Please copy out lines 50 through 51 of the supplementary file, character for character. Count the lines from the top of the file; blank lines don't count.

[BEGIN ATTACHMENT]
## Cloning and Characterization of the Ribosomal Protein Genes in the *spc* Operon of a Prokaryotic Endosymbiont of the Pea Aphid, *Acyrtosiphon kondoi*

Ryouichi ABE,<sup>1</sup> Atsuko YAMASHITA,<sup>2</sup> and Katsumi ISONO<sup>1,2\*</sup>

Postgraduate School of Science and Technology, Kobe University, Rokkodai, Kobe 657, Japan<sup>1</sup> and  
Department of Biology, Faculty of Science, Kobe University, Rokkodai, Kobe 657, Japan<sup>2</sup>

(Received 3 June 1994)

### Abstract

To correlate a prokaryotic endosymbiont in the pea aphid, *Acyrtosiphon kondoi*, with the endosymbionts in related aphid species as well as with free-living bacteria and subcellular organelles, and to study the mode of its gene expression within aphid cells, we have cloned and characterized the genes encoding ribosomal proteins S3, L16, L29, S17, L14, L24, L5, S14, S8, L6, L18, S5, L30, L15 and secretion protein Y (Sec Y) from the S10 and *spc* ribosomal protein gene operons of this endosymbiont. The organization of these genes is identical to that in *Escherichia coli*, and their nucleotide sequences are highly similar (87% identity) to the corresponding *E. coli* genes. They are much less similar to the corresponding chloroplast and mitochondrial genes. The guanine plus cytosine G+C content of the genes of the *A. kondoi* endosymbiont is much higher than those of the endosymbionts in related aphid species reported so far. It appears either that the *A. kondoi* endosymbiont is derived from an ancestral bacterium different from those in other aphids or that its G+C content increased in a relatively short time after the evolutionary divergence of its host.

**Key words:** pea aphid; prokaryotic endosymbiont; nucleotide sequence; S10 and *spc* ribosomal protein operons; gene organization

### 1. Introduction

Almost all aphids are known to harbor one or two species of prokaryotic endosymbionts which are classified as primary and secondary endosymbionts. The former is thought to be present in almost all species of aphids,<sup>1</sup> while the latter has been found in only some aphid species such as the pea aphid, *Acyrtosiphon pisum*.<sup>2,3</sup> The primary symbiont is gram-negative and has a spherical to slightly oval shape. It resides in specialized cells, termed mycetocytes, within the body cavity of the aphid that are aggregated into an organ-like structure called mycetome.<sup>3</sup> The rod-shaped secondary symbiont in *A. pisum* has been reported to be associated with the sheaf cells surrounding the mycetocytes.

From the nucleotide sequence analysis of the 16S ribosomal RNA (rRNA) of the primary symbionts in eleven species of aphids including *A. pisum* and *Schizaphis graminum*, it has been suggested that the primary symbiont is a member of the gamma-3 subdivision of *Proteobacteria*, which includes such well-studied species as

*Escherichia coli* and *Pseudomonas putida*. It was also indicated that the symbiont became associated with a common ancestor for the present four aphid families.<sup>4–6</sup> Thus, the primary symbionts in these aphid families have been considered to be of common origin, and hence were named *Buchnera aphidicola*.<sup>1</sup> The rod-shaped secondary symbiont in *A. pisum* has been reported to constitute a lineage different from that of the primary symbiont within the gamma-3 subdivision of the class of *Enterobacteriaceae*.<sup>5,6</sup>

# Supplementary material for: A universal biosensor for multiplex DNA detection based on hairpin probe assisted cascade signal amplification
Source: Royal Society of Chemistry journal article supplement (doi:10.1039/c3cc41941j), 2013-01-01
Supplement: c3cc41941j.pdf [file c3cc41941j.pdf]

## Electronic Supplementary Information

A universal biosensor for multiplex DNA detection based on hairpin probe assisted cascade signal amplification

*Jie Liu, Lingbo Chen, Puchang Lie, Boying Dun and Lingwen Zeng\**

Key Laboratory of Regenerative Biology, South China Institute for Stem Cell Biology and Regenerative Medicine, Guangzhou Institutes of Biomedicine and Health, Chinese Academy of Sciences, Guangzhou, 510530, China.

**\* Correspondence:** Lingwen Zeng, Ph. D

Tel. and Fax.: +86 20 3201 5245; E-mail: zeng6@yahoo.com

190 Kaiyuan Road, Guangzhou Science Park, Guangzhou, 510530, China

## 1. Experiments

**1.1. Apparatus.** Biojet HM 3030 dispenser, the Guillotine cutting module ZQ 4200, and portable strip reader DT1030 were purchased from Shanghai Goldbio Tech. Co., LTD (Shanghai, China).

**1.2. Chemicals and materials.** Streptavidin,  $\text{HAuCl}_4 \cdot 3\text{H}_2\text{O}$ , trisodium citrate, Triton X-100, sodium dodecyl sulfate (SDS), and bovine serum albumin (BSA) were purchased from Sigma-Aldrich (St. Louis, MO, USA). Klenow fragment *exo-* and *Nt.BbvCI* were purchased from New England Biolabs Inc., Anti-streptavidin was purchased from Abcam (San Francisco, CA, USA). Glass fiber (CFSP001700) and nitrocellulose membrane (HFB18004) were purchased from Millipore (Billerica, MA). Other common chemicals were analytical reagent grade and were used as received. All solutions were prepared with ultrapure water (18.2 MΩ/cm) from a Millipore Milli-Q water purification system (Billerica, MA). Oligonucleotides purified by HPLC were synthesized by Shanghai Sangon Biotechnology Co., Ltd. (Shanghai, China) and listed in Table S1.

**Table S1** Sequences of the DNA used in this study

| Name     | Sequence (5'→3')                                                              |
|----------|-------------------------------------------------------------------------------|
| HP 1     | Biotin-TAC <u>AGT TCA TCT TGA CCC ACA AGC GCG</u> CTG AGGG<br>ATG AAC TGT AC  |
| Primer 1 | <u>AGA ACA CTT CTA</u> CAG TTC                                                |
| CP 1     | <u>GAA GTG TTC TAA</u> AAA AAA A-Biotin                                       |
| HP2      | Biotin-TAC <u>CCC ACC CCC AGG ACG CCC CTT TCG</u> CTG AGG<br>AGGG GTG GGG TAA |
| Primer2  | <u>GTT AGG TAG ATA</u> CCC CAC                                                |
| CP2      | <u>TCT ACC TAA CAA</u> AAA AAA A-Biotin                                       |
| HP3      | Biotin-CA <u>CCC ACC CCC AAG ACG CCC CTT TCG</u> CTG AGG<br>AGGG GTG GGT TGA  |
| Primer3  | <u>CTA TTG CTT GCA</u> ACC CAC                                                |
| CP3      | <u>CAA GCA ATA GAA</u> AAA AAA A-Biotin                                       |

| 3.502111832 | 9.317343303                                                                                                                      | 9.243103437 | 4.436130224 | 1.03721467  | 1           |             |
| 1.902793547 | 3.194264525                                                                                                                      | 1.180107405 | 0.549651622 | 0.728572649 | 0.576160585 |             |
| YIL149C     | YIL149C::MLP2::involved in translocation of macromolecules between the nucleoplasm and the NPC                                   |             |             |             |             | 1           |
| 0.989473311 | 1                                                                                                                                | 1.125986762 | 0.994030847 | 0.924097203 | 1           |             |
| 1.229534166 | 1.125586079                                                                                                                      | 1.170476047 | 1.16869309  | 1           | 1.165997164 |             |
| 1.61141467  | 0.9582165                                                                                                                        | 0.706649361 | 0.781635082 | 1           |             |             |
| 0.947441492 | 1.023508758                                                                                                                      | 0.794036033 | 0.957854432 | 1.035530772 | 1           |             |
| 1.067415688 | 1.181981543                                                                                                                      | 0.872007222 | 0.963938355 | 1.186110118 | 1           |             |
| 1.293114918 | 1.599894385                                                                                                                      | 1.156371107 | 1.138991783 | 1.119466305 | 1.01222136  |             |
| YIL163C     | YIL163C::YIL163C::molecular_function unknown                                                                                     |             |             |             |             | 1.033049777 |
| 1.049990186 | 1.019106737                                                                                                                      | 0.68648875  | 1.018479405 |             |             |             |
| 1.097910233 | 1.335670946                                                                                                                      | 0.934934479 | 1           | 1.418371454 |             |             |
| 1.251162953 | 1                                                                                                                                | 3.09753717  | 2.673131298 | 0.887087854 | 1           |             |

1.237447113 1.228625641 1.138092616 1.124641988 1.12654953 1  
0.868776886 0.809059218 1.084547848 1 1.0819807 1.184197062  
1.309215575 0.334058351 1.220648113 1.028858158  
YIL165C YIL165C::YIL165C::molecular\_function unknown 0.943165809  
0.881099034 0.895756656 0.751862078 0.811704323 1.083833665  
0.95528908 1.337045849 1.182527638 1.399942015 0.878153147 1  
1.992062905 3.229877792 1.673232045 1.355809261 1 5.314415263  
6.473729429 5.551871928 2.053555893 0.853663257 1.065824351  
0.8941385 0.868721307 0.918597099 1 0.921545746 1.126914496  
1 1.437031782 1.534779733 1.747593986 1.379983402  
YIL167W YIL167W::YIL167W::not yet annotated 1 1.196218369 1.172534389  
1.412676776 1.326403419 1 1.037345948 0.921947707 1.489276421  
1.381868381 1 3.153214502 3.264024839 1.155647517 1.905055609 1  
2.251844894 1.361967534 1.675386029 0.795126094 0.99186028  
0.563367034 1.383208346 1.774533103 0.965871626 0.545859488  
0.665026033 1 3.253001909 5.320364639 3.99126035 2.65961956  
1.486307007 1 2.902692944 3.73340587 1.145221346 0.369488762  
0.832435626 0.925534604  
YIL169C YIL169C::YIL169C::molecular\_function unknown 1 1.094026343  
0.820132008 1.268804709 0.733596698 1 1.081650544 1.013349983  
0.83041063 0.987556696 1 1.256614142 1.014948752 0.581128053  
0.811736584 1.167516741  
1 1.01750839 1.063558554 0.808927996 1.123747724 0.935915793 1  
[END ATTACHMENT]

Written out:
| 1.251162953 | 1                                                                                                                                | 3.09753717  | 2.673131298 | 0.887087854 | 1           |             |

1.237447113 1.228625641 1.138092616 1.124641988 1.12654953 1  